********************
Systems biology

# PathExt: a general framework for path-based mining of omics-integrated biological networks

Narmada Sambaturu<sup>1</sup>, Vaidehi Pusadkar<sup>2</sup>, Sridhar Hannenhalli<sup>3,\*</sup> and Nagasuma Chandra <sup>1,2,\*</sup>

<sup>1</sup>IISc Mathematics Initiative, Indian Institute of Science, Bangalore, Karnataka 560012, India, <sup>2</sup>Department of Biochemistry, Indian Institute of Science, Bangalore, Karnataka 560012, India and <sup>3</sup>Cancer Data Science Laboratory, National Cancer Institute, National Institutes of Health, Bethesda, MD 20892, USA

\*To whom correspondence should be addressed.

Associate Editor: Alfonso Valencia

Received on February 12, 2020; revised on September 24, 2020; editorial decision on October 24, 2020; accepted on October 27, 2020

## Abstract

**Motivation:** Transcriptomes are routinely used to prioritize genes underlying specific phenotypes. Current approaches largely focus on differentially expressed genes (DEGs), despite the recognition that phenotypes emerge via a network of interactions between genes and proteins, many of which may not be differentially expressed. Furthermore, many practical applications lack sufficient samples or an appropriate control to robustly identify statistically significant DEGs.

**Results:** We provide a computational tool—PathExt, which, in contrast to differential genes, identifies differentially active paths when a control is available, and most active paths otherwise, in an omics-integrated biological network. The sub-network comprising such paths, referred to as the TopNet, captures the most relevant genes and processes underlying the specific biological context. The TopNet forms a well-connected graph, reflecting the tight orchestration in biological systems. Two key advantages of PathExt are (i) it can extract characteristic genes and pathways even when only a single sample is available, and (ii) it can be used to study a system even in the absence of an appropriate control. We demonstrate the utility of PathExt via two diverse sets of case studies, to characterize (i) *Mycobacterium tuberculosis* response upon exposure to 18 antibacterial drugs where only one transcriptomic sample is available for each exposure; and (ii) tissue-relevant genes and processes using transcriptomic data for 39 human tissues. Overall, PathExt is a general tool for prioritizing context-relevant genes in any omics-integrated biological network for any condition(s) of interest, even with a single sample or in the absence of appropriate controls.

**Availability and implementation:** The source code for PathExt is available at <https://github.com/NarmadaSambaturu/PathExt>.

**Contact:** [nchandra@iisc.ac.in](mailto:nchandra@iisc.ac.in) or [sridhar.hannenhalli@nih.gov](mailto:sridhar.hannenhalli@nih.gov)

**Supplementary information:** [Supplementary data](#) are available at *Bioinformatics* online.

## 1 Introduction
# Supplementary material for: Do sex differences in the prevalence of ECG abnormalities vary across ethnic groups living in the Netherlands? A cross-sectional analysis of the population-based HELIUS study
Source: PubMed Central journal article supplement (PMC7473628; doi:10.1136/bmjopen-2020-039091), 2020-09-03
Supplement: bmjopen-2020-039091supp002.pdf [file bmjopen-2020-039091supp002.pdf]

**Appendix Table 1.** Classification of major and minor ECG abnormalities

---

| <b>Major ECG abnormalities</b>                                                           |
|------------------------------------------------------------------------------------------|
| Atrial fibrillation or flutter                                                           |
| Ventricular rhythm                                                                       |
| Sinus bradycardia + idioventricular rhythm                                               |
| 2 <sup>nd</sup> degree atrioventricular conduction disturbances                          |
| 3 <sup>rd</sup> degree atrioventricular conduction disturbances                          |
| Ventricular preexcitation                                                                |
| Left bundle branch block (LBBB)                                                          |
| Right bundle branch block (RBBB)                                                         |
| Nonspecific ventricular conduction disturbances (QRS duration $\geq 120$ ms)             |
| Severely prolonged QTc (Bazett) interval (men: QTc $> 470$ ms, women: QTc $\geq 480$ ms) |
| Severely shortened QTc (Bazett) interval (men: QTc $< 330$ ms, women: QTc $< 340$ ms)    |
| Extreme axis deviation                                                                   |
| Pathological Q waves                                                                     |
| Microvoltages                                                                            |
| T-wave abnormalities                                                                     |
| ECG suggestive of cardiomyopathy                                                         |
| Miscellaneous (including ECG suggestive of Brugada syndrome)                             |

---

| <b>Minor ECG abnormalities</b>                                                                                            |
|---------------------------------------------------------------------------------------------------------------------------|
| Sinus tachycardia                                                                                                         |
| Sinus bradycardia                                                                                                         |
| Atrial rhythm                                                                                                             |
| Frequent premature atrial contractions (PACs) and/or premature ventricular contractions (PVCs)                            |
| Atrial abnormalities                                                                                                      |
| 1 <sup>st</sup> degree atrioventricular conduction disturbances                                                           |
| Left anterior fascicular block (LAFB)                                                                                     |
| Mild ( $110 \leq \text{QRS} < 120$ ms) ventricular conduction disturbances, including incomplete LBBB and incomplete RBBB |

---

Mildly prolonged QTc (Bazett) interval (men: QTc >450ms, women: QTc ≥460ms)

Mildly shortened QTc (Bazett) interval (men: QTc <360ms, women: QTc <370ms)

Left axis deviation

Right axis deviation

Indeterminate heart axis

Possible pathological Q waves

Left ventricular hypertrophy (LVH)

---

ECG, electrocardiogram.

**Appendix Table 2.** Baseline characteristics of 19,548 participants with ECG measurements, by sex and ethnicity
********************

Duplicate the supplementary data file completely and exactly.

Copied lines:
Systems biology

# PathExt: a general framework for path-based mining of omics-integrated biological networks

Narmada Sambaturu<sup>1</sup>, Vaidehi Pusadkar<sup>2</sup>, Sridhar Hannenhalli<sup>3,\*</sup> and Nagasuma Chandra <sup>1,2,\*</sup>

<sup>1</sup>IISc Mathematics Initiative, Indian Institute of Science, Bangalore, Karnataka 560012, India, <sup>2</sup>Department of Biochemistry, Indian Institute of Science, Bangalore, Karnataka 560012, India and <sup>3</sup>Cancer Data Science Laboratory, National Cancer Institute, National Institutes of Health, Bethesda, MD 20892, USA

\*To whom correspondence should be addressed.

Associate Editor: Alfonso Valencia

Received on February 12, 2020; revised on September 24, 2020; editorial decision on October 24, 2020; accepted on October 27, 2020

## Abstract

**Motivation:** Transcriptomes are routinely used to prioritize genes underlying specific phenotypes. Current approaches largely focus on differentially expressed genes (DEGs), despite the recognition that phenotypes emerge via a network of interactions between genes and proteins, many of which may not be differentially expressed. Furthermore, many practical applications lack sufficient samples or an appropriate control to robustly identify statistically significant DEGs.

**Results:** We provide a computational tool—PathExt, which, in contrast to differential genes, identifies differentially active paths when a control is available, and most active paths otherwise, in an omics-integrated biological network. The sub-network comprising such paths, referred to as the TopNet, captures the most relevant genes and processes underlying the specific biological context. The TopNet forms a well-connected graph, reflecting the tight orchestration in biological systems. Two key advantages of PathExt are (i) it can extract characteristic genes and pathways even when only a single sample is available, and (ii) it can be used to study a system even in the absence of an appropriate control. We demonstrate the utility of PathExt via two diverse sets of case studies, to characterize (i) *Mycobacterium tuberculosis* response upon exposure to 18 antibacterial drugs where only one transcriptomic sample is available for each exposure; and (ii) tissue-relevant genes and processes using transcriptomic data for 39 human tissues. Overall, PathExt is a general tool for prioritizing context-relevant genes in any omics-integrated biological network for any condition(s) of interest, even with a single sample or in the absence of appropriate controls.

**Availability and implementation:** The source code for PathExt is available at <https://github.com/NarmadaSambaturu/PathExt>.

**Contact:** [nchandra@iisc.ac.in](mailto:nchandra@iisc.ac.in) or [sridhar.hannenhalli@nih.gov](mailto:sridhar.hannenhalli@nih.gov)

**Supplementary information:** [Supplementary data](#) are available at *Bioinformatics* online.

## 1 Introduction
# Supplementary material for: Do sex differences in the prevalence of ECG abnormalities vary across ethnic groups living in the Netherlands? A cross-sectional analysis of the population-based HELIUS study
Source: PubMed Central journal article supplement (PMC7473628; doi:10.1136/bmjopen-2020-039091), 2020-09-03
Supplement: bmjopen-2020-039091supp002.pdf [file bmjopen-2020-039091supp002.pdf]

**Appendix Table 1.** Classification of major and minor ECG abnormalities

---

| <b>Major ECG abnormalities</b>                                                           |
|------------------------------------------------------------------------------------------|
| Atrial fibrillation or flutter                                                           |
| Ventricular rhythm                                                                       |
| Sinus bradycardia + idioventricular rhythm                                               |
| 2 <sup>nd</sup> degree atrioventricular conduction disturbances                          |
| 3 <sup>rd</sup> degree atrioventricular conduction disturbances                          |
| Ventricular preexcitation                                                                |
| Left bundle branch block (LBBB)                                                          |
| Right bundle branch block (RBBB)                                                         |
| Nonspecific ventricular conduction disturbances (QRS duration $\geq 120$ ms)             |
| Severely prolonged QTc (Bazett) interval (men: QTc $> 470$ ms, women: QTc $\geq 480$ ms) |
| Severely shortened QTc (Bazett) interval (men: QTc $< 330$ ms, women: QTc $< 340$ ms)    |
| Extreme axis deviation                                                                   |
| Pathological Q waves                                                                     |
| Microvoltages                                                                            |
| T-wave abnormalities                                                                     |
| ECG suggestive of cardiomyopathy                                                         |
| Miscellaneous (including ECG suggestive of Brugada syndrome)                             |

---

| <b>Minor ECG abnormalities</b>                                                                                            |
|---------------------------------------------------------------------------------------------------------------------------|
| Sinus tachycardia                                                                                                         |
| Sinus bradycardia                                                                                                         |
| Atrial rhythm                                                                                                             |
| Frequent premature atrial contractions (PACs) and/or premature ventricular contractions (PVCs)                            |
| Atrial abnormalities                                                                                                      |
| 1 <sup>st</sup> degree atrioventricular conduction disturbances                                                           |
| Left anterior fascicular block (LAFB)                                                                                     |
| Mild ( $110 \leq \text{QRS} < 120$ ms) ventricular conduction disturbances, including incomplete LBBB and incomplete RBBB |

---

Mildly prolonged QTc (Bazett) interval (men: QTc >450ms, women: QTc ≥460ms)

Mildly shortened QTc (Bazett) interval (men: QTc <360ms, women: QTc <370ms)

Left axis deviation

Right axis deviation

Indeterminate heart axis

Possible pathological Q waves

Left ventricular hypertrophy (LVH)

---

ECG, electrocardiogram.

**Appendix Table 2.** Baseline characteristics of 19,548 participants with ECG measurements, by sex and ethnicity